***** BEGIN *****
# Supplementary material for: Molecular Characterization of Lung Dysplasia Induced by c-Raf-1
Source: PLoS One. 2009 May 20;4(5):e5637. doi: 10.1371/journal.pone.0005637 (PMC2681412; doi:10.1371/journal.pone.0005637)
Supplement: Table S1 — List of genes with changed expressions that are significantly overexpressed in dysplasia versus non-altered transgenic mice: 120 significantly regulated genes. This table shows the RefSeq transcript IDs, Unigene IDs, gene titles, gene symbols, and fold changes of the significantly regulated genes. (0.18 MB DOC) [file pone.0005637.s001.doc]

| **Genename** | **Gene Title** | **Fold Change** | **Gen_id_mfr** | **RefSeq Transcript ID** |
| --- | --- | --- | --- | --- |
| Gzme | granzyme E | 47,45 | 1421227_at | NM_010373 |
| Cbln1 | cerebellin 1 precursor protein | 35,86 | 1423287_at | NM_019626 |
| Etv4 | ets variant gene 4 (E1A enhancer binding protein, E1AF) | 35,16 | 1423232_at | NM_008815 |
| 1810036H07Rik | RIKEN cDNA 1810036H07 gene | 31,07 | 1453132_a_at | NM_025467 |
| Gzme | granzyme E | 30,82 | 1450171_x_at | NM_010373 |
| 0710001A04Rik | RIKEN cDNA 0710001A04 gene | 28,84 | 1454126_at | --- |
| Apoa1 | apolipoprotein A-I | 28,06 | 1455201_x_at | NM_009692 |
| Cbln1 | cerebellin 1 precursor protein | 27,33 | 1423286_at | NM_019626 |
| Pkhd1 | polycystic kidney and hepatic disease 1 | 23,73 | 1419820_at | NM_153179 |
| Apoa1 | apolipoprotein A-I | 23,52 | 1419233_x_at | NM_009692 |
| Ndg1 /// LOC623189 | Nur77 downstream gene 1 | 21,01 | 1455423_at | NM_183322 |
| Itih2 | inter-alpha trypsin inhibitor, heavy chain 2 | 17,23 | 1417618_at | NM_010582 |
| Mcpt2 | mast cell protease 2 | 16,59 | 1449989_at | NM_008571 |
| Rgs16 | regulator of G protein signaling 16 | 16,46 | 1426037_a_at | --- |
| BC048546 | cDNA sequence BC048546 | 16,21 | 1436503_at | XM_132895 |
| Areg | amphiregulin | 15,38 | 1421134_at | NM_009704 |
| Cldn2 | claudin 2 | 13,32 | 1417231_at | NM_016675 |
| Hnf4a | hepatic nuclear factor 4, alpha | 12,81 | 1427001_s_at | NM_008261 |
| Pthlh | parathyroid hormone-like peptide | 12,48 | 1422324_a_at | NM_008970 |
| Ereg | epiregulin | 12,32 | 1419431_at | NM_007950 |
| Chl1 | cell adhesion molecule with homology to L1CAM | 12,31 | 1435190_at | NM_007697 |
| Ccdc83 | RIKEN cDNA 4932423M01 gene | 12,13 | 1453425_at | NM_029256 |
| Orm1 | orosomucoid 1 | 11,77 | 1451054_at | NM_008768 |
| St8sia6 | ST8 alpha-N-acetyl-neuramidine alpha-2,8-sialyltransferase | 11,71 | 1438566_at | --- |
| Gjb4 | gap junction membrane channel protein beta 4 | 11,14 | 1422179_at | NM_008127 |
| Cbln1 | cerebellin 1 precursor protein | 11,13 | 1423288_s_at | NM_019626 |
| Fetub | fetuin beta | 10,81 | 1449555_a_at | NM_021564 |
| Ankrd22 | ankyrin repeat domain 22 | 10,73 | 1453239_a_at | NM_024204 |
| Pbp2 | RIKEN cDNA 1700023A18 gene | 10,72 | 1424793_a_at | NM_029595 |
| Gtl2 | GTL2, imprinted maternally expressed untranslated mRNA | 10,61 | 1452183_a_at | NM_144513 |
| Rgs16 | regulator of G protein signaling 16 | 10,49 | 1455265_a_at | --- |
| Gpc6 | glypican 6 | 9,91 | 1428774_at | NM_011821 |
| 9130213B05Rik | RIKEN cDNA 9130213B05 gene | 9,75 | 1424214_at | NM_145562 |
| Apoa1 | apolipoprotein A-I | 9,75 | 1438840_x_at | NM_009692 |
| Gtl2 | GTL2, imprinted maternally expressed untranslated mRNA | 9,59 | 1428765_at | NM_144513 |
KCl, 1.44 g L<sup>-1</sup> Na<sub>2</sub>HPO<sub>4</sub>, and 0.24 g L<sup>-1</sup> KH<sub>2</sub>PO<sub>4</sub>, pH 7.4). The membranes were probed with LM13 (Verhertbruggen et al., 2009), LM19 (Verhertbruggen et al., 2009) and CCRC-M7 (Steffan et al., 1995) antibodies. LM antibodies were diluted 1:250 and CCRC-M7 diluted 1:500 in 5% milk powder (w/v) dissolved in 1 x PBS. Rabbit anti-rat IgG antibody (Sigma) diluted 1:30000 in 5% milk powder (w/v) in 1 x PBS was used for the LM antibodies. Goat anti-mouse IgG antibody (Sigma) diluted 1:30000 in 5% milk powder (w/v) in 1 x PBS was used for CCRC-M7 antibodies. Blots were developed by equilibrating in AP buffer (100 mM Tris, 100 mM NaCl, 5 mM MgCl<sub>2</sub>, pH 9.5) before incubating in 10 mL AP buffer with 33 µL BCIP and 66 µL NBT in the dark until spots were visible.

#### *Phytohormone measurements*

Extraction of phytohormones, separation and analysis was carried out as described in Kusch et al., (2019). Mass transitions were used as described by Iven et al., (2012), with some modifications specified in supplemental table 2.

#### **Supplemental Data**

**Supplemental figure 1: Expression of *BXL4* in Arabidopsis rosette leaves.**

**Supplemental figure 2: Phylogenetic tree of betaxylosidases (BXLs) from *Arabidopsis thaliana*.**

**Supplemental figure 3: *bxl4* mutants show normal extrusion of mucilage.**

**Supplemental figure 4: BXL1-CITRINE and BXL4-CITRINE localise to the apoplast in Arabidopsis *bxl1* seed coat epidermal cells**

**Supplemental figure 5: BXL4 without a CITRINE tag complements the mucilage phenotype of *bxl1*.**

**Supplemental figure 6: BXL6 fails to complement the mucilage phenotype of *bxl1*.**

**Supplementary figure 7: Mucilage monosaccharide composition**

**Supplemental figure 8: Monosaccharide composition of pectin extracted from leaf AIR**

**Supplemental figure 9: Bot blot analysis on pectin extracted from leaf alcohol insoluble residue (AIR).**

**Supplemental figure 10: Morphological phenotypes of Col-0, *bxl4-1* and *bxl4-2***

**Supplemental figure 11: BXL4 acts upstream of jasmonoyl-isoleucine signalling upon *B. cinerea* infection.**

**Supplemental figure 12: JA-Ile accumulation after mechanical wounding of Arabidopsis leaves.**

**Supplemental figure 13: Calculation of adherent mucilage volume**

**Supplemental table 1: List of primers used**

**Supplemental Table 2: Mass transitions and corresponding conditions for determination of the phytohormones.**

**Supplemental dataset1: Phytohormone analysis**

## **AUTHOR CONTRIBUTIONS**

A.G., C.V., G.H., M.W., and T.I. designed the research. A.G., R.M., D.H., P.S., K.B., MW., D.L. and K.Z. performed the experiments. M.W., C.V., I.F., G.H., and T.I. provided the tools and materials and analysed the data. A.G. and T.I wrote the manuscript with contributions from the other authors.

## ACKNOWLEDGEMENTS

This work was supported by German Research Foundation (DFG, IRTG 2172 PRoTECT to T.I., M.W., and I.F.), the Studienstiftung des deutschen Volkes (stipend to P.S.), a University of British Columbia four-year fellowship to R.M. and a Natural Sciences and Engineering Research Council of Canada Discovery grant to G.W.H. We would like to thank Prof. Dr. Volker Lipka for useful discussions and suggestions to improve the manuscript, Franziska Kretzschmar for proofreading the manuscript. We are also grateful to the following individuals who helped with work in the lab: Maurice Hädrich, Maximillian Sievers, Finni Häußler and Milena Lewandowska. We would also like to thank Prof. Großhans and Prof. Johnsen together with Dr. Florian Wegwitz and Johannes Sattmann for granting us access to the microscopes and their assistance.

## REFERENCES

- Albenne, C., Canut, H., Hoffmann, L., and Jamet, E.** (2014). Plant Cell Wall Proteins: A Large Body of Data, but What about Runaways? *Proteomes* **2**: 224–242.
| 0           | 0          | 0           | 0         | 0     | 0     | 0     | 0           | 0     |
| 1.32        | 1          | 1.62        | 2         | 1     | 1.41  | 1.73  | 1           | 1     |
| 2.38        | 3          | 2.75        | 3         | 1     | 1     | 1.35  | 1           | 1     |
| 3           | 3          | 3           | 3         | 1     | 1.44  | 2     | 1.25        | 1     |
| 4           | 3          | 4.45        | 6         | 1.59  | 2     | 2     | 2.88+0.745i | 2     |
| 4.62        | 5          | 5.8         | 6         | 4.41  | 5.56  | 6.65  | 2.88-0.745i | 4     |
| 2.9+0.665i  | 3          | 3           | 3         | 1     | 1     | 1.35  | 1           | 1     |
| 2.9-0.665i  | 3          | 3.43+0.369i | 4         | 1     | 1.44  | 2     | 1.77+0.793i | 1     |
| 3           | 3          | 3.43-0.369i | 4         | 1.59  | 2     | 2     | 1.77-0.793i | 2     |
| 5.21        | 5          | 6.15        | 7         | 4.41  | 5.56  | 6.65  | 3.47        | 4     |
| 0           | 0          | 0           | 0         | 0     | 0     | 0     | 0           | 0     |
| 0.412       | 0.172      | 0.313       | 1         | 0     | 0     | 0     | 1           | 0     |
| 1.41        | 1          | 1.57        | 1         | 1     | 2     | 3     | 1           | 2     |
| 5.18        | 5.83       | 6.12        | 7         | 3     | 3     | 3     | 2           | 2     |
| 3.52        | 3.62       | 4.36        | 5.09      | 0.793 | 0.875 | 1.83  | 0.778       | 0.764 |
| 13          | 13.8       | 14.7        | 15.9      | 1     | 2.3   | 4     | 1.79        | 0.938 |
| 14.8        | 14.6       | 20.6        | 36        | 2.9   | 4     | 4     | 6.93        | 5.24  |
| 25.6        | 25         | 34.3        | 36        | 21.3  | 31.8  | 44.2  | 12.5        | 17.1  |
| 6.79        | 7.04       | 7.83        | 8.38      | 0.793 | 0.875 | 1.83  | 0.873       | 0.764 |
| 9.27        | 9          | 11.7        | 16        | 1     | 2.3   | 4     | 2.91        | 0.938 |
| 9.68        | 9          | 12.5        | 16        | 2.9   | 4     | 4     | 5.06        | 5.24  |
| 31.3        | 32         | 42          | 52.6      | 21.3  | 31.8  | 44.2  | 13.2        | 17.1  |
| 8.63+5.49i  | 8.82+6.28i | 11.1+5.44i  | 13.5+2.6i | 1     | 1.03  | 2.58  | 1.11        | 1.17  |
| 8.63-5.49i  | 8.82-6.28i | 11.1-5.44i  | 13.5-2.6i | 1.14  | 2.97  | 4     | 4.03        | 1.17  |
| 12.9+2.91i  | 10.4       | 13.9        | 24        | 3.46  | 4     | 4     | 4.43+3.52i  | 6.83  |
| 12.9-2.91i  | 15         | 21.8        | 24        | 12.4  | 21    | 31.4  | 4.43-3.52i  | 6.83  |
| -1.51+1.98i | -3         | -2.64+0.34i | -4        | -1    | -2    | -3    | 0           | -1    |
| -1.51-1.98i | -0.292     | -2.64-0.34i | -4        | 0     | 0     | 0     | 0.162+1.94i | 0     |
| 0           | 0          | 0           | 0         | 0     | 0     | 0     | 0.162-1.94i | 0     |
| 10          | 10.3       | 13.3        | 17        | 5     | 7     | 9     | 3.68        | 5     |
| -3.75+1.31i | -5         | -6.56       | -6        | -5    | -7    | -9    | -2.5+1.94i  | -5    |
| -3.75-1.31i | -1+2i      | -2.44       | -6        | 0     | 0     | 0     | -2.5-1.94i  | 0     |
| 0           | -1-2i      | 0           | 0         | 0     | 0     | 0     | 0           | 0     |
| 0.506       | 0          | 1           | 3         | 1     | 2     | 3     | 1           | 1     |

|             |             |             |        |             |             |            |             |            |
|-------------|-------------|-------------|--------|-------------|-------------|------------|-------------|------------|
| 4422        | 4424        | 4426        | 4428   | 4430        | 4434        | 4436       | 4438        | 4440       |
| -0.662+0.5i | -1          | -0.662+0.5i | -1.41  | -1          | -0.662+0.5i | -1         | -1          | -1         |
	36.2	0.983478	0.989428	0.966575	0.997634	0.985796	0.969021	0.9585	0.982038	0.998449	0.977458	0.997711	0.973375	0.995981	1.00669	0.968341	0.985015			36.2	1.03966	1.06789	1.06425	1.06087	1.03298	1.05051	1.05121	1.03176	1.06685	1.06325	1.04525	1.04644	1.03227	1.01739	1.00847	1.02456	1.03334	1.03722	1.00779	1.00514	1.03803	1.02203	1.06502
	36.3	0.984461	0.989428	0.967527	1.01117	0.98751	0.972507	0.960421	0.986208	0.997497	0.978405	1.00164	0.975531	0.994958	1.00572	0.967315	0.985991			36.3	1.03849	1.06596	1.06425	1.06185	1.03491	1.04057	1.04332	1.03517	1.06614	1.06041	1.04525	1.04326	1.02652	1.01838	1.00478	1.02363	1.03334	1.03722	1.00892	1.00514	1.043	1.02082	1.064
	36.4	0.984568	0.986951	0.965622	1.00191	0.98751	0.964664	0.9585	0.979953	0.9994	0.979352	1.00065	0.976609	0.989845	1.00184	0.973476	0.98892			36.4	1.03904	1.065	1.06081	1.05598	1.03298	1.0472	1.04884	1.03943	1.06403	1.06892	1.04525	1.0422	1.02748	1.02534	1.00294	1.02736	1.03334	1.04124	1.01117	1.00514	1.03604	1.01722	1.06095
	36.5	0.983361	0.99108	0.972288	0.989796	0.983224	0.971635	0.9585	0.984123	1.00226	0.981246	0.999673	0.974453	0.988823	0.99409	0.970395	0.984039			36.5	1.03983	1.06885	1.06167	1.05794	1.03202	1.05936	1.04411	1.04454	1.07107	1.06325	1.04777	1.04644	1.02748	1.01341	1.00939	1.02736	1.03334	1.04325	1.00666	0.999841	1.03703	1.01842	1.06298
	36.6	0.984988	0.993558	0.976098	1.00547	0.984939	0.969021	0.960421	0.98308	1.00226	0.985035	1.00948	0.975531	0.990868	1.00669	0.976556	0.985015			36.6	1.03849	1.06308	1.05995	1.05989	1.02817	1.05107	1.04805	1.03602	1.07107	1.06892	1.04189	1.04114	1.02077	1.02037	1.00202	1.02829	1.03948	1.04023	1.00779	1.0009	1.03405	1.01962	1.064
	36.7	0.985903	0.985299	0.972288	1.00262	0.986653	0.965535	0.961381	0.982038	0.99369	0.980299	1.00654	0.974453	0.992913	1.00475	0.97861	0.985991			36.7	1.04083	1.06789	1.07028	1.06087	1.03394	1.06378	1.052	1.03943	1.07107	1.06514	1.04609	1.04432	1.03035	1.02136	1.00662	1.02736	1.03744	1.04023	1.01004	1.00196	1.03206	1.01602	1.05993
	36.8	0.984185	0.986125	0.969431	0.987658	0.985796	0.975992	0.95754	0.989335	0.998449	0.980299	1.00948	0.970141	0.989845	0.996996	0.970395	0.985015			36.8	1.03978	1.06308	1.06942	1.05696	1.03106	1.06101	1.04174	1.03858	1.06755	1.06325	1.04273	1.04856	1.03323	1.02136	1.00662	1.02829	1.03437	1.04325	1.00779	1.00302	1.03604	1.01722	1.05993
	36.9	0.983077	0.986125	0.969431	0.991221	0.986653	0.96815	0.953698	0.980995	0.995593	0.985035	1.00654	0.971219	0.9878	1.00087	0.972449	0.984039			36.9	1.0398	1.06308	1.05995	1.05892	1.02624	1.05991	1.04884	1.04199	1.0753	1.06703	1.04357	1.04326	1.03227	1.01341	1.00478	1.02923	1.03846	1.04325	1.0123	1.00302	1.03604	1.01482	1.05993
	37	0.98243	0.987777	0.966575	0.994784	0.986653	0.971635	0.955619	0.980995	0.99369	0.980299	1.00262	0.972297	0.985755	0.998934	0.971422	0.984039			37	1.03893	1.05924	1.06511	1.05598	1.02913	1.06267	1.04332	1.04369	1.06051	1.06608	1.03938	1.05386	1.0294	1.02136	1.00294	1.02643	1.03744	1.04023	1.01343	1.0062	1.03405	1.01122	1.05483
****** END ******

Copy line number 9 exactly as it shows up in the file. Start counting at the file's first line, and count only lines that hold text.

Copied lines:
| 1810036H07Rik | RIKEN cDNA 1810036H07 gene | 31,07 | 1453132_a_at | NM_025467 |